Juliette Gordon Low (1860-1927)
Juliette Magill Kinzie Gordon Low was the founder of the Girl Scouts of the United States of America (GSUSA).
Childhood and Adolescence
Low's upbringing was typical for daughters of elite families in the post–Civil War South. She started school in Savannah and was later sent to boarding schools in Virginia and New York, where she formed friendships that endured throughout her lifetime. She excelled in art classes, and continued to study art, sketch, paint, and sculpt as an adult.
Low completed her formal education in 1880, made her debut in Savannah society, and spent the next several years traveling, assisting with the care of the two youngest Gordon children, and pursuing her interest in art. In January 1885 she sustained an injury that left her partially deaf; another accident the following year further damaged her hearing. Although she joked about her deafness and refused to curtail her activities because of it, her disability was a source of frustration and contributed to bouts of melancholia and depression that became more frequent as she aged.
Marriage and Widowhood
On December 21, 1886, she married William "Willy" Mackay Low,
Low adapted easily to the life of the English gentry. She was presented at court, attended and hosted house parties, and traveled extensively. The Lows had no children. As years passed they increasingly spent time apart, and there was evidence of growing unhappiness in their marriage. In 1902 William Low abandoned his wife for
Low inherited all of her husband's property in Georgia, including the house on Lafayette Square; she also maintained a residence in London. She spent several months in Savannah each year and continued to travel extensively, including annual summer vacations in Scotland, frequent visits to relatives and friends in America and Great Britain, occasional trips to Europe, and one tour of India. She enjoyed the company of young people and often invited a niece, nephew, or the child of a friend to accompany her.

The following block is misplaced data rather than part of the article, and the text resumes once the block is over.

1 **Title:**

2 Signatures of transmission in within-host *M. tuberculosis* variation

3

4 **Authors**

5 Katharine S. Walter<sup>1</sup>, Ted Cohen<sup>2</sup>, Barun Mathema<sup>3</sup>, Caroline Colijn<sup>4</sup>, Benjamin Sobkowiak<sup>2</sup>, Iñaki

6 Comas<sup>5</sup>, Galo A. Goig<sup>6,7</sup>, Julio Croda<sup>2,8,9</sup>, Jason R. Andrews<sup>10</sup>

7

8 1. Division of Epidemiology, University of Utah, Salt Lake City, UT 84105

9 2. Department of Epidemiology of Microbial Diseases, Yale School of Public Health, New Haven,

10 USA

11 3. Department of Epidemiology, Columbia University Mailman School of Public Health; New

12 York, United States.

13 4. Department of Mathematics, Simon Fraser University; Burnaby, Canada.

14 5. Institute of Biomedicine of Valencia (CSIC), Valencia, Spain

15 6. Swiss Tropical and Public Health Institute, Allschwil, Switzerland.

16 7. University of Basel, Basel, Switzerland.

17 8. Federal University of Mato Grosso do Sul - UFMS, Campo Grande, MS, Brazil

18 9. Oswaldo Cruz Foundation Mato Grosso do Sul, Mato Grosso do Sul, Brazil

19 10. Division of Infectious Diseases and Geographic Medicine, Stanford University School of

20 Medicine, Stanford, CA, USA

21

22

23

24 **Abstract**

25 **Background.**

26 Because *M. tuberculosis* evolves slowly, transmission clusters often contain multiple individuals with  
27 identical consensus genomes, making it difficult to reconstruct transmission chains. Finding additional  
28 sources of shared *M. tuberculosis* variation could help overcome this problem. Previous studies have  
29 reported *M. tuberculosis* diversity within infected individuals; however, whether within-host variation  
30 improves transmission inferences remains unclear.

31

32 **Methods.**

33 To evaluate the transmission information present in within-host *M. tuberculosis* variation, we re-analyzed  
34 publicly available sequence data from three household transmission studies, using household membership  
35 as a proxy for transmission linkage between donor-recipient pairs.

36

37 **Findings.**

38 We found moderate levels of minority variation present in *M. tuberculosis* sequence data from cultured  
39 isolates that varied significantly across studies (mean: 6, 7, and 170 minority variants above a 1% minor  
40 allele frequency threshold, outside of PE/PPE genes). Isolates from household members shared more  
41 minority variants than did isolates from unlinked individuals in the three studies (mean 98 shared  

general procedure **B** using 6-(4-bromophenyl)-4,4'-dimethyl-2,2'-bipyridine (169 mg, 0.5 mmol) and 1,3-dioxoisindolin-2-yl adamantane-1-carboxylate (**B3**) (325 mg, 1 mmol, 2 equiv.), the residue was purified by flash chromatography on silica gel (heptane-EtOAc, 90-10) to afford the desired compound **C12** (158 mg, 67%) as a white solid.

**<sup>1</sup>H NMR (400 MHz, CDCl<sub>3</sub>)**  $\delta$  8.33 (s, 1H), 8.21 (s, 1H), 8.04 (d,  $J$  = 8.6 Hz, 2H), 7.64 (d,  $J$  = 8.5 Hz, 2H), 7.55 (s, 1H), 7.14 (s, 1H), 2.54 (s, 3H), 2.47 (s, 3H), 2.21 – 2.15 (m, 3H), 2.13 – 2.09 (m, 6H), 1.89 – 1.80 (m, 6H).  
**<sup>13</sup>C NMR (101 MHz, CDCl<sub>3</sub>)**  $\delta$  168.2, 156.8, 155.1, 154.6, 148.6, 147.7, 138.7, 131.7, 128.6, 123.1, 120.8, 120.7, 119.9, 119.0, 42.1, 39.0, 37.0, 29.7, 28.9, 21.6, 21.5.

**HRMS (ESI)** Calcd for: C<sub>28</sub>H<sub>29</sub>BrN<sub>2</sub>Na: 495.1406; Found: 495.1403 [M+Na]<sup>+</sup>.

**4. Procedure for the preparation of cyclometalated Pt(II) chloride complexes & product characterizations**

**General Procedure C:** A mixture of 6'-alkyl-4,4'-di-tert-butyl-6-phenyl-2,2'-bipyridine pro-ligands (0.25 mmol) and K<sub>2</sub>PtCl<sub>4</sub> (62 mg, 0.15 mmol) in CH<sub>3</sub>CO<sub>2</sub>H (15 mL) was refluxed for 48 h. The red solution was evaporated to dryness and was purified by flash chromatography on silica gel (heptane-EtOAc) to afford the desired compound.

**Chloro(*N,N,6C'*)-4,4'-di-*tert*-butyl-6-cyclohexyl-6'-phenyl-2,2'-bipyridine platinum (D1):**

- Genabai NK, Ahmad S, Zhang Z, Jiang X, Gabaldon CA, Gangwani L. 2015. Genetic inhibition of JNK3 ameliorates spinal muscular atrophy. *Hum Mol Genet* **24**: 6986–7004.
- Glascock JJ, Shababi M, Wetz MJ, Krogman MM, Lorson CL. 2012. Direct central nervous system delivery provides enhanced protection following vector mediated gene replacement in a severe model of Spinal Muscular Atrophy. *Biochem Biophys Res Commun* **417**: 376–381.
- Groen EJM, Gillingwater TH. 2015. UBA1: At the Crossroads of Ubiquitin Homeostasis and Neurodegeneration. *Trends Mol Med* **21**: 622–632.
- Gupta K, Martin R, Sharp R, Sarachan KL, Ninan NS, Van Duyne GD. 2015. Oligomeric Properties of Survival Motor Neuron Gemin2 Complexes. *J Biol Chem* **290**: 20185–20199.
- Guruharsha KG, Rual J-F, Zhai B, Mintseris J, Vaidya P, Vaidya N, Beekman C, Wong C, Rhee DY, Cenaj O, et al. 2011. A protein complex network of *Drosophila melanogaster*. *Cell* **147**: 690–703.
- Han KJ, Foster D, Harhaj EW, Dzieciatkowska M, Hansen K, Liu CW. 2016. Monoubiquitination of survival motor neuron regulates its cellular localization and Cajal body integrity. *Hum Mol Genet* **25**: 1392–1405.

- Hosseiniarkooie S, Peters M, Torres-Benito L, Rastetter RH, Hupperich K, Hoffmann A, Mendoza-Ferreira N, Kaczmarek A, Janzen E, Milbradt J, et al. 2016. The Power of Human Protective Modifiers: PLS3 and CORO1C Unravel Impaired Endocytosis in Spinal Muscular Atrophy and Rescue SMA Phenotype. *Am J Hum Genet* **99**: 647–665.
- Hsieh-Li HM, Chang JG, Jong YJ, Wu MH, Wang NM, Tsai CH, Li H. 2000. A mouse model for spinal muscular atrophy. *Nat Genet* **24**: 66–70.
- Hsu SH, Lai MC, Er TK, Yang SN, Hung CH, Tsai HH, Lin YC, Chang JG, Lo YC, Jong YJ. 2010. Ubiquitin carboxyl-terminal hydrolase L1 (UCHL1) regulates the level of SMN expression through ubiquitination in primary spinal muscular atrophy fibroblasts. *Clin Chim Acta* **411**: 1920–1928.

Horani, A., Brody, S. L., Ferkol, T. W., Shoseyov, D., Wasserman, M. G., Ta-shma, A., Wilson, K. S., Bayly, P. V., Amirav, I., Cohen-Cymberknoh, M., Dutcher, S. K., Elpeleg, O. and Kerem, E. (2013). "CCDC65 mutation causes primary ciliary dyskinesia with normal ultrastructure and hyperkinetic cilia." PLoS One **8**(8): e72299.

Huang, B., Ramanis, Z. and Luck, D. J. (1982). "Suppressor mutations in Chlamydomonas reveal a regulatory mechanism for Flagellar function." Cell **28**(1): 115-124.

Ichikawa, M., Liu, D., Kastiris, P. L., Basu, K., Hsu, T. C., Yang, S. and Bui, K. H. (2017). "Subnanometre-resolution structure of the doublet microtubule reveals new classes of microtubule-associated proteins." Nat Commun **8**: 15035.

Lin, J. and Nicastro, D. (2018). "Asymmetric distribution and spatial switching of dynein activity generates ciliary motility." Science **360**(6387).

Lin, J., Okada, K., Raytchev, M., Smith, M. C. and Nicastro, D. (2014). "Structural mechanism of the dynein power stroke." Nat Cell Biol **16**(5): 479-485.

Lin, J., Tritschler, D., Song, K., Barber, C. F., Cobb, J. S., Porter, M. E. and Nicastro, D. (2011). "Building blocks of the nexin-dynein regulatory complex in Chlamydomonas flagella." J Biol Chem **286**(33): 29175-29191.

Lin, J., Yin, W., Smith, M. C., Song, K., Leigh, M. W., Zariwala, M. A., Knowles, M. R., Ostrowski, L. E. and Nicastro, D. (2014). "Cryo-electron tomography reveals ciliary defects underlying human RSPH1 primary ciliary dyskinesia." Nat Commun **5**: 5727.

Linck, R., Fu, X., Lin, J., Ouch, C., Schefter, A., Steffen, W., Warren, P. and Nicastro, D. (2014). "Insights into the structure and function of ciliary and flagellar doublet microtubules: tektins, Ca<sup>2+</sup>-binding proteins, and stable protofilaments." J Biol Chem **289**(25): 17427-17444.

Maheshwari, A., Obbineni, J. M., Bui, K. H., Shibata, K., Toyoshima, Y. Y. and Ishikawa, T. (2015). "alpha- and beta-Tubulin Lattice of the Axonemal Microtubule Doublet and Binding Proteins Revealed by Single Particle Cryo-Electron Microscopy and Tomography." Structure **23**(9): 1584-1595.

The Girl Scouts
In 1911 Low met Sir Robert Baden-Powell, a war hero and the founder of the Boy Scouts. The two shared common interests and quickly became friends. She admired the scouting movement and soon began working with the Girl Guides, the Boy Scouts' sister organization in Great Britain. With Baden-Powell's help and encouragement, she made plans to start a similar association for American girls. She returned to Georgia early in 1912 and formed several troops in Savannah in March.
By 1925 there were more than 90,000 active Girl Scouts in the United States.
Low resigned the presidency of GSUSA in 1920, assuming instead the title of founder. She became increasingly involved in the international association of Girl Scouts and Girl Guides. She realized one of her fondest dreams in May 1926, when the United States hosted an international encampment in New York. Thirty countries were represented; Low personally subsidized the travel expenses of some of the girls from overseas.
By the time of the encampment Low's health was failing. In 1923 she had been diagnosed with cancer. She concealed her illness from family and friends as long as she could and maintained a busy schedule.
Low was inducted into Georgia Women of Achievement in 1992, and in 2005 she was named an inaugural nominee of the Extra Mile Points of Light Volunteer Pathway, an evolving national monument in Washington, D.C.
Melissa Ann Langley Biegert, "Woman Scout: The Empowerment of Juliette Gordon Low" (Ph.D. diss., University of Texas at Austin, 1998).
Anne Hyde Choate and Helen Ferris, eds., Juliette Low and the Girl Scouts (New York: Girl Scouts of the USA, 1928).
Gladys Denny Schultz and Daisy Gordon Lawrence, Lady from Savannah: The Life of Juliette Low (Philadelphia: J. B. Lippincott, 1958).
Anastatia Hodgens Sims, "Juliette Gordon Low: Late-Blooming Daisy," in Georgia Women: Their Lives and Times, vol. 1., ed. Ann Short Chirhart and Betty Wood (Athens: University of Georgia Press, 2009).
Anastatia Sims, Georgia Southern University
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